Britain’s trade deficit widened in the fourth quarter as exports fell, underscoring the economy’s reliance on domestic spending.
The value of imported goods and services outstripped exports by 10.3 billion pounds ($15 billion) compared with 8.6 billion pounds in the third quarter, the Office for National Statistics said in London on Tuesday.
In December alone, the deficit narrowed to 2.7 billion pounds, with the shortfall in goods falling to 9.9 billion pounds. Both were narrower than economists forecast.
The figures put a spotlight on Britain’s unbalanced economy, which is being driven by consumer spending and the dominant services sector as global turmoil holds back exports and manufacturing. Bank of England officials indicated last week they are in no hurry to raise the benchmark interest rate from a record-low 0.5 percent.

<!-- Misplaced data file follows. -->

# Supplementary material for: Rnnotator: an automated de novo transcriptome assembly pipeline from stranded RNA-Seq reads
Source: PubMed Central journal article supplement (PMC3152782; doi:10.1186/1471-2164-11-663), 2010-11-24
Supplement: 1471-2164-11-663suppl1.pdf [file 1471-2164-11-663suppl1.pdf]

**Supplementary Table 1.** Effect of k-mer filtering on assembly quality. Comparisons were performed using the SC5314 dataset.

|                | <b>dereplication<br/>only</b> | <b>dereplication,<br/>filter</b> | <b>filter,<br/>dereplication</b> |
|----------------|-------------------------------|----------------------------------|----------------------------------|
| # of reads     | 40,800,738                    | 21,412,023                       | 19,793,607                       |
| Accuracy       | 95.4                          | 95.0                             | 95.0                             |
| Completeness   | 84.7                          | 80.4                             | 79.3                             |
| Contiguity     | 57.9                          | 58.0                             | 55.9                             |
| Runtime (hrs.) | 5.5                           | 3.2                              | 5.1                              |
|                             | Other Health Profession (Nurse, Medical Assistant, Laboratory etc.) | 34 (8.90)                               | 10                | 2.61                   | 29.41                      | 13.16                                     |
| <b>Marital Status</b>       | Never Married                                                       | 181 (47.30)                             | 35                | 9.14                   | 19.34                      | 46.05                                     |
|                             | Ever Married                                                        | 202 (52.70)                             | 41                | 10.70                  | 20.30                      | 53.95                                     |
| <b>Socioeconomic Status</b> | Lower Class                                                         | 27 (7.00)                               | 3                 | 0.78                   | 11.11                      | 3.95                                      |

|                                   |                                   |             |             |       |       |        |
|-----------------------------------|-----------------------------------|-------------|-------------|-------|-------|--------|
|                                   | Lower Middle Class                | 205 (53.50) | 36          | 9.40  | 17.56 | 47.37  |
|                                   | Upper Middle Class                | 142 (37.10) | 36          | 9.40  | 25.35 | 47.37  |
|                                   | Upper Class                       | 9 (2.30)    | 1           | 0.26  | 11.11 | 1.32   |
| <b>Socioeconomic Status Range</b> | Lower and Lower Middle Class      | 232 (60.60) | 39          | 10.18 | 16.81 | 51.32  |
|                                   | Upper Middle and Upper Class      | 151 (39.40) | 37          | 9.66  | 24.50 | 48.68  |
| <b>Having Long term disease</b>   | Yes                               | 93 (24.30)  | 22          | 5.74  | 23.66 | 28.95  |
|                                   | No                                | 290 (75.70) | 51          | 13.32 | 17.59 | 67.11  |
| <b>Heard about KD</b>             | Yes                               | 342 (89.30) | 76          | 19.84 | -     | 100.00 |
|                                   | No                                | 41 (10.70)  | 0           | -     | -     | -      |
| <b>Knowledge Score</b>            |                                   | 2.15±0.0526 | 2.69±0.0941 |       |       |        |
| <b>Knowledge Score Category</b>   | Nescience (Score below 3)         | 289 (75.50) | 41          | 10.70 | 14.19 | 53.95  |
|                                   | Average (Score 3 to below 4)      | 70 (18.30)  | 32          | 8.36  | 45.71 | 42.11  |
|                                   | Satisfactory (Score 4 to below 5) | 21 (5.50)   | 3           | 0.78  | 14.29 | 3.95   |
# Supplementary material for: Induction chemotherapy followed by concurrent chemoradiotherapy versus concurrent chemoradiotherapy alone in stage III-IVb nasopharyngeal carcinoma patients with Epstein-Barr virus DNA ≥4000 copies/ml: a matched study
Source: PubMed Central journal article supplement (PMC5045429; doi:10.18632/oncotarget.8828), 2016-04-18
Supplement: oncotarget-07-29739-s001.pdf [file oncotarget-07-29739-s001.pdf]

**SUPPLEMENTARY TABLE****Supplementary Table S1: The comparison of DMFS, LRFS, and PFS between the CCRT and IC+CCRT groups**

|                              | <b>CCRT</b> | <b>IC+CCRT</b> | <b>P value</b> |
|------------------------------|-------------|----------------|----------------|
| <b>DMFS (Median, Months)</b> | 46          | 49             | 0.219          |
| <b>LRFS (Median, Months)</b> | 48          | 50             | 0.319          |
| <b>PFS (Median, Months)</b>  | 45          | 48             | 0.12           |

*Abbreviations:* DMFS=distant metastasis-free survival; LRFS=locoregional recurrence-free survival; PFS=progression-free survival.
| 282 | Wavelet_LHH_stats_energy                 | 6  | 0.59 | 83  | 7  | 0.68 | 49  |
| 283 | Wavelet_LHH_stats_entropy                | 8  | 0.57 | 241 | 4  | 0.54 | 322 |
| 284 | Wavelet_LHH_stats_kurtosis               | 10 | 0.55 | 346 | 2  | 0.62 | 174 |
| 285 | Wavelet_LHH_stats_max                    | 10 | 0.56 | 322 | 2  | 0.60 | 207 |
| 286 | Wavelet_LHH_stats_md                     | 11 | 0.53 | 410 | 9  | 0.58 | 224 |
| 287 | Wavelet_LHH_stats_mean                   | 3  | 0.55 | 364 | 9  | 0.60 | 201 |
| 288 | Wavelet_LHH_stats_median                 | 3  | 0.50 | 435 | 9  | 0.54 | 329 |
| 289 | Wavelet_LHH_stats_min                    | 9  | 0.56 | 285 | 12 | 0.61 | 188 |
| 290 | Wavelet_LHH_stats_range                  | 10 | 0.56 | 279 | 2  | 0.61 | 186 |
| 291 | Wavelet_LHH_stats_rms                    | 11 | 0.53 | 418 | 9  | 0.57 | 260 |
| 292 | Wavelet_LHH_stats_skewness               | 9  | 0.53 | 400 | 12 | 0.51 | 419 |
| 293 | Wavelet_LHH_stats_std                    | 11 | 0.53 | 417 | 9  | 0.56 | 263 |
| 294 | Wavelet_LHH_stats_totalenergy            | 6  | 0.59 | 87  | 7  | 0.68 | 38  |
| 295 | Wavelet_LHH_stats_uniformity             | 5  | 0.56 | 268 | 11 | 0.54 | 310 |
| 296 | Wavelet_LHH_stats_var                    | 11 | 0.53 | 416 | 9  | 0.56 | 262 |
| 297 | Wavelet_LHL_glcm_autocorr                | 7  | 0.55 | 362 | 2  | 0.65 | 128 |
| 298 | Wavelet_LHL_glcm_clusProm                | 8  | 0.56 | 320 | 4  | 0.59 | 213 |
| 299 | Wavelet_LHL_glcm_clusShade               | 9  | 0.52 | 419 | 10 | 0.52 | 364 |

Total exports fell 0.8 percent in the fourth quarter, with sales of both goods and services declining in December alone. Imports of goods dropped 4.8 percent on the month, largely reflecting nonmonetary gold. Falling oil prices saw oil imports decline 11 percent to 1.9 billion pounds, the lowest level since February 2009.
Net trade knocked 1 percentage point off growth in the third quarter and looks set to have been a drag again in the fourth. Gross domestic product estimates on Feb. 25 will include volume-based figures for trade, investment and private consumption.
In 2015, the trade deficit widened to 34.7 billion pounds, the most since 2010. At 125 billion pounds, the goods-trade deficit was the largest on record. Trade last provided a spur to the economy in 2011.